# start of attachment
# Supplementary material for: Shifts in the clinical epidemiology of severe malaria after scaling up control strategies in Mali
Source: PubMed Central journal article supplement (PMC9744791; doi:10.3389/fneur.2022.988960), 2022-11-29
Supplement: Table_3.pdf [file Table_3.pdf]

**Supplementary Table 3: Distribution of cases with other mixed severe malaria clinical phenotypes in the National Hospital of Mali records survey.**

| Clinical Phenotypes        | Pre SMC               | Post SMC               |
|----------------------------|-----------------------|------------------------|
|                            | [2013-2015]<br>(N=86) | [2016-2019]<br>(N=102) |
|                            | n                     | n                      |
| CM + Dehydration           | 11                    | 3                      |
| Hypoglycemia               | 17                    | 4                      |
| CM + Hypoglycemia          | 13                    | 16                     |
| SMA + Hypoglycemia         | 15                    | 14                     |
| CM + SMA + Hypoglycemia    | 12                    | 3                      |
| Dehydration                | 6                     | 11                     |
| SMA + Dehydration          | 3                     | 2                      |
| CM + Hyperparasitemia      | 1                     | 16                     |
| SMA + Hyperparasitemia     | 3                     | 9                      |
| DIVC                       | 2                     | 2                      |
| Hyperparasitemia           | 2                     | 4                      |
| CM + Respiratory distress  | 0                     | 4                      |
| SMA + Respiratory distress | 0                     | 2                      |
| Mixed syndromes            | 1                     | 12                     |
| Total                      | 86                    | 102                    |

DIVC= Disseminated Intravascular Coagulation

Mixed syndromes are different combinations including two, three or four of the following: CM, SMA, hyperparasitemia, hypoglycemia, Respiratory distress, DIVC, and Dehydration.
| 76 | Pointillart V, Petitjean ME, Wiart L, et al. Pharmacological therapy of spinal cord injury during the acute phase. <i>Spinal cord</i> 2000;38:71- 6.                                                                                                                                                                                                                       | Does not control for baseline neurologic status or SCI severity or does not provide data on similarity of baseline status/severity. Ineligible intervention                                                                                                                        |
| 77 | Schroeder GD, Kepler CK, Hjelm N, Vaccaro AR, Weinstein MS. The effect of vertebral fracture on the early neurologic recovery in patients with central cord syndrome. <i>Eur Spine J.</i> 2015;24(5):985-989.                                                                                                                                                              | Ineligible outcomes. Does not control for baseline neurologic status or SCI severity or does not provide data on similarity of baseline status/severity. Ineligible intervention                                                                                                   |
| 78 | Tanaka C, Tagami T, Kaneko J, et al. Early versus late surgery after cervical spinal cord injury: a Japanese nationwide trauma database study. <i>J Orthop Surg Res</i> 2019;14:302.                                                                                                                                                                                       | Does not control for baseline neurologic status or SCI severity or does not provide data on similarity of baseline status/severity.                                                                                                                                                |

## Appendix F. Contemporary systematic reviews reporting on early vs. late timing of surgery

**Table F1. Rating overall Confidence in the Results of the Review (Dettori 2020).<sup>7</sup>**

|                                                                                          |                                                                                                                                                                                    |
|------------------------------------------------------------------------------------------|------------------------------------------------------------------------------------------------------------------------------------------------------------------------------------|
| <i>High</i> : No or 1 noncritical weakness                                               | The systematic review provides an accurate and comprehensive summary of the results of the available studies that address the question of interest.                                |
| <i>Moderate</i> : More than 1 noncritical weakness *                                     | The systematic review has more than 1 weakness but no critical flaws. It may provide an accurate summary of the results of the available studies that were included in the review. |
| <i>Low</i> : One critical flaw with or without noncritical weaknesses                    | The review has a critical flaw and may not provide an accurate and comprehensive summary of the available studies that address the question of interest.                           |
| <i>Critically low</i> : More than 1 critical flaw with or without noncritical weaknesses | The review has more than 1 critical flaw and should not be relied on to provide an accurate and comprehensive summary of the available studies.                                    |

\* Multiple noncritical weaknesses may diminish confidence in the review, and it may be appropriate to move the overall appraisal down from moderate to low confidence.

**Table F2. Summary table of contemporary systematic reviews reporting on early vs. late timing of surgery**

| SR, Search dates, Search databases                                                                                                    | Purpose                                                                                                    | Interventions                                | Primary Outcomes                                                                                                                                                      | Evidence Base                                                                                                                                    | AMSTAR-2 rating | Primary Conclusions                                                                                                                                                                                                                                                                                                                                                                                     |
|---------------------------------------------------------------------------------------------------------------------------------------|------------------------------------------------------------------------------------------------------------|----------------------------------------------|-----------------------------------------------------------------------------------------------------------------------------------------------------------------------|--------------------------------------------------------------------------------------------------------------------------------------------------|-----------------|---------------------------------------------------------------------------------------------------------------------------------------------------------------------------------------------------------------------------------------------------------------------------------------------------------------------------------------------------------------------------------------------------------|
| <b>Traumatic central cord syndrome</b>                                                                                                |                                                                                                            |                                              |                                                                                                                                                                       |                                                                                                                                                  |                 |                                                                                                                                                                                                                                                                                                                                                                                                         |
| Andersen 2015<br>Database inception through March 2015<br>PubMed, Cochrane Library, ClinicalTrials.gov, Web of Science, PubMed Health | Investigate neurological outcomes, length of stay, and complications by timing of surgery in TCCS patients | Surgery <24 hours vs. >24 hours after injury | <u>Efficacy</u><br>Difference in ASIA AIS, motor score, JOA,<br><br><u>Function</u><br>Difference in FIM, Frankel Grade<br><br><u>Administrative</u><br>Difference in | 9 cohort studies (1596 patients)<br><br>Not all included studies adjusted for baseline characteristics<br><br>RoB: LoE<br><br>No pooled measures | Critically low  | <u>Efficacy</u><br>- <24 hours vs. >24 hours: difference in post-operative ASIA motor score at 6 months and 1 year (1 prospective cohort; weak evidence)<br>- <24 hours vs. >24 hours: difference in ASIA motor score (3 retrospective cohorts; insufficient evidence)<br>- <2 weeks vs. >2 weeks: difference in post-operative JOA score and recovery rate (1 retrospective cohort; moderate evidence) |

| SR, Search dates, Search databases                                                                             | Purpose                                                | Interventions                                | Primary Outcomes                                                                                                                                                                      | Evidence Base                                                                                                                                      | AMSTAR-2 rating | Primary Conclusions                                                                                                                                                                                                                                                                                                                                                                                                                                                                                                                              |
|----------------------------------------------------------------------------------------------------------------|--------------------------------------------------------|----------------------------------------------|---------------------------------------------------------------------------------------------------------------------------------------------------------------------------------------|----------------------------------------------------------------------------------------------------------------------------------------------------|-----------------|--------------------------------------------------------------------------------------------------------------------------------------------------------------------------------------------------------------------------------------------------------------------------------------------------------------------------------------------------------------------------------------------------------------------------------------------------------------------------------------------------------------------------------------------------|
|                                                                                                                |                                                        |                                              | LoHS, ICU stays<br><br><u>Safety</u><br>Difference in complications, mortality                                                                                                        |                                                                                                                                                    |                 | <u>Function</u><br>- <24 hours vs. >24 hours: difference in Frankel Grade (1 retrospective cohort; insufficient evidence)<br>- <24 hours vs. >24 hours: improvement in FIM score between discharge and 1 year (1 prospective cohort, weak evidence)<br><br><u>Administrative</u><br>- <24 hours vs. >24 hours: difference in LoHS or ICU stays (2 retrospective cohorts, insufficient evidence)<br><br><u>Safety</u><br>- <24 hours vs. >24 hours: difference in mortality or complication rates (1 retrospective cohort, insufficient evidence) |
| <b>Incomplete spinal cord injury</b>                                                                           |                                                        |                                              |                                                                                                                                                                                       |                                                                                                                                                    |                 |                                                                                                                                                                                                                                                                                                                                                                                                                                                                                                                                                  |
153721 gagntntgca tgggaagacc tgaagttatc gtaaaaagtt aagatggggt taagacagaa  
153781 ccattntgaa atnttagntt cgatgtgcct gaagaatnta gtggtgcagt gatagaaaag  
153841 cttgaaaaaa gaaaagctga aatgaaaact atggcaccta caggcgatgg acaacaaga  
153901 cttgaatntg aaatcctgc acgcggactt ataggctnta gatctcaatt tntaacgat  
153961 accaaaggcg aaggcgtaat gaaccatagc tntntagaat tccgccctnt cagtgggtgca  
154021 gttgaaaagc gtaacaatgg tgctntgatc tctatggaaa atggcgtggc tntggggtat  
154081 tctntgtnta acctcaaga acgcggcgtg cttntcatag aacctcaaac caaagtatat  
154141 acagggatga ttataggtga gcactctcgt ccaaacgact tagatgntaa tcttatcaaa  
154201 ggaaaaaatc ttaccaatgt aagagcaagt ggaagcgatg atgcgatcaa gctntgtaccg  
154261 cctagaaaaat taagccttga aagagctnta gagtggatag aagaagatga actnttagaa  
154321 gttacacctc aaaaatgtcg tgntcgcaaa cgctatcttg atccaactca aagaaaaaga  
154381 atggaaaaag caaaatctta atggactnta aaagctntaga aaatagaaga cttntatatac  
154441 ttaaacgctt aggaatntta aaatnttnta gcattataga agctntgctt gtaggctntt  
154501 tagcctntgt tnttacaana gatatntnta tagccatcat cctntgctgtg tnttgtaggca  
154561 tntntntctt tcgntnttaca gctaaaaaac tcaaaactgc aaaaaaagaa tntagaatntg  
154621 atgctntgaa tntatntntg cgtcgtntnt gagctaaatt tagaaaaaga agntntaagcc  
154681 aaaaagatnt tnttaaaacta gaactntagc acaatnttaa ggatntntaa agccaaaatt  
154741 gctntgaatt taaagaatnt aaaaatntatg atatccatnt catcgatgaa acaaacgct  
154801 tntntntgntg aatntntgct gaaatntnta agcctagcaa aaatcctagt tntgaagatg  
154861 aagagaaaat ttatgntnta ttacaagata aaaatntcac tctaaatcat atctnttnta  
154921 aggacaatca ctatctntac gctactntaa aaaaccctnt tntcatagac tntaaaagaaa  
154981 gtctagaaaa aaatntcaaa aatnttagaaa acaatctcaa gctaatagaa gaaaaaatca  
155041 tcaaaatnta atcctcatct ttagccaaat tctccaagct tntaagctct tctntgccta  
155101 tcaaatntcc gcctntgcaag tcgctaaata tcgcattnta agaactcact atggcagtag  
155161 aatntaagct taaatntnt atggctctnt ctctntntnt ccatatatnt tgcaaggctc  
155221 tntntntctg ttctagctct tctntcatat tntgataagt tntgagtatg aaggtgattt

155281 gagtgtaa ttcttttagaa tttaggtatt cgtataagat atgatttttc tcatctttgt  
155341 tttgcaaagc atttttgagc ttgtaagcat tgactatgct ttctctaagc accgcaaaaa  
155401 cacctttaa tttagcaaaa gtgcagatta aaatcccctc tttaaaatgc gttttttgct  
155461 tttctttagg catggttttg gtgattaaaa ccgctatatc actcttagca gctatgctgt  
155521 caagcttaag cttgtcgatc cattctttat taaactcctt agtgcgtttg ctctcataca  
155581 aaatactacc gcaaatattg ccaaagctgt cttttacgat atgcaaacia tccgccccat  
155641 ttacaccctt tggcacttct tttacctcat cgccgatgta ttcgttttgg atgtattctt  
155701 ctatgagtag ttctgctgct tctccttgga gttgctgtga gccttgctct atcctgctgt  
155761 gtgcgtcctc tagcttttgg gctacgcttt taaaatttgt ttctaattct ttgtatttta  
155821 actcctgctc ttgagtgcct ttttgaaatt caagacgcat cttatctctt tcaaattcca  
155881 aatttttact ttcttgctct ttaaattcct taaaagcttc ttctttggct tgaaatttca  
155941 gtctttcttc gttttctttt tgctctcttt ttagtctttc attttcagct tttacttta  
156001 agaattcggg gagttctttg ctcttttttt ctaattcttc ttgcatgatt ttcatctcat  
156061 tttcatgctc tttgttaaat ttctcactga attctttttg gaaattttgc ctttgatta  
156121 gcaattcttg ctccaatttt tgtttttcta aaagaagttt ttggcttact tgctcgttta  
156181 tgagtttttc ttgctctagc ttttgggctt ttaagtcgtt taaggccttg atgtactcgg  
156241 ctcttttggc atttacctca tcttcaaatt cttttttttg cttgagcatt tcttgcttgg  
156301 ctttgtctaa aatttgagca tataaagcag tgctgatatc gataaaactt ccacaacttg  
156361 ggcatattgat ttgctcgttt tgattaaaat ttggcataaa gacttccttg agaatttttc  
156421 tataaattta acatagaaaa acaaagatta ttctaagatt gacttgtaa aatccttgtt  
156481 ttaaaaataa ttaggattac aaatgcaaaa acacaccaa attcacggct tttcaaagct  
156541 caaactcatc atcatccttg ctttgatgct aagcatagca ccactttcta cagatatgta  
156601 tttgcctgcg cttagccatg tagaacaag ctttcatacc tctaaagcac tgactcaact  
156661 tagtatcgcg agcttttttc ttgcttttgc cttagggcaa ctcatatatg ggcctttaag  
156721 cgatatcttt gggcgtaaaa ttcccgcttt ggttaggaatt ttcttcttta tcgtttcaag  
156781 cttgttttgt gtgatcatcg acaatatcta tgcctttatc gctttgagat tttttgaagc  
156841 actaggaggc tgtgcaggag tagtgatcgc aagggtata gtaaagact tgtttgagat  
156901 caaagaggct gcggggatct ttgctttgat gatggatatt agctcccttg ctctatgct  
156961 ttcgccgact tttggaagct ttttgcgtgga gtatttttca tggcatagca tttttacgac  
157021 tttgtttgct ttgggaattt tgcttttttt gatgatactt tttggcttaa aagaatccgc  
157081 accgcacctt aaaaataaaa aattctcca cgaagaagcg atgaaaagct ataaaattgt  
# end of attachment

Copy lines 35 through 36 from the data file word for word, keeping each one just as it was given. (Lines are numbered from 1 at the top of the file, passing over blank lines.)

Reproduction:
| <i>Low</i> : One critical flaw with or without noncritical weaknesses                    | The review has a critical flaw and may not provide an accurate and comprehensive summary of the available studies that address the question of interest.                           |
| <i>Critically low</i> : More than 1 critical flaw with or without noncritical weaknesses | The review has more than 1 critical flaw and should not be relied on to provide an accurate and comprehensive summary of the available studies.                                    |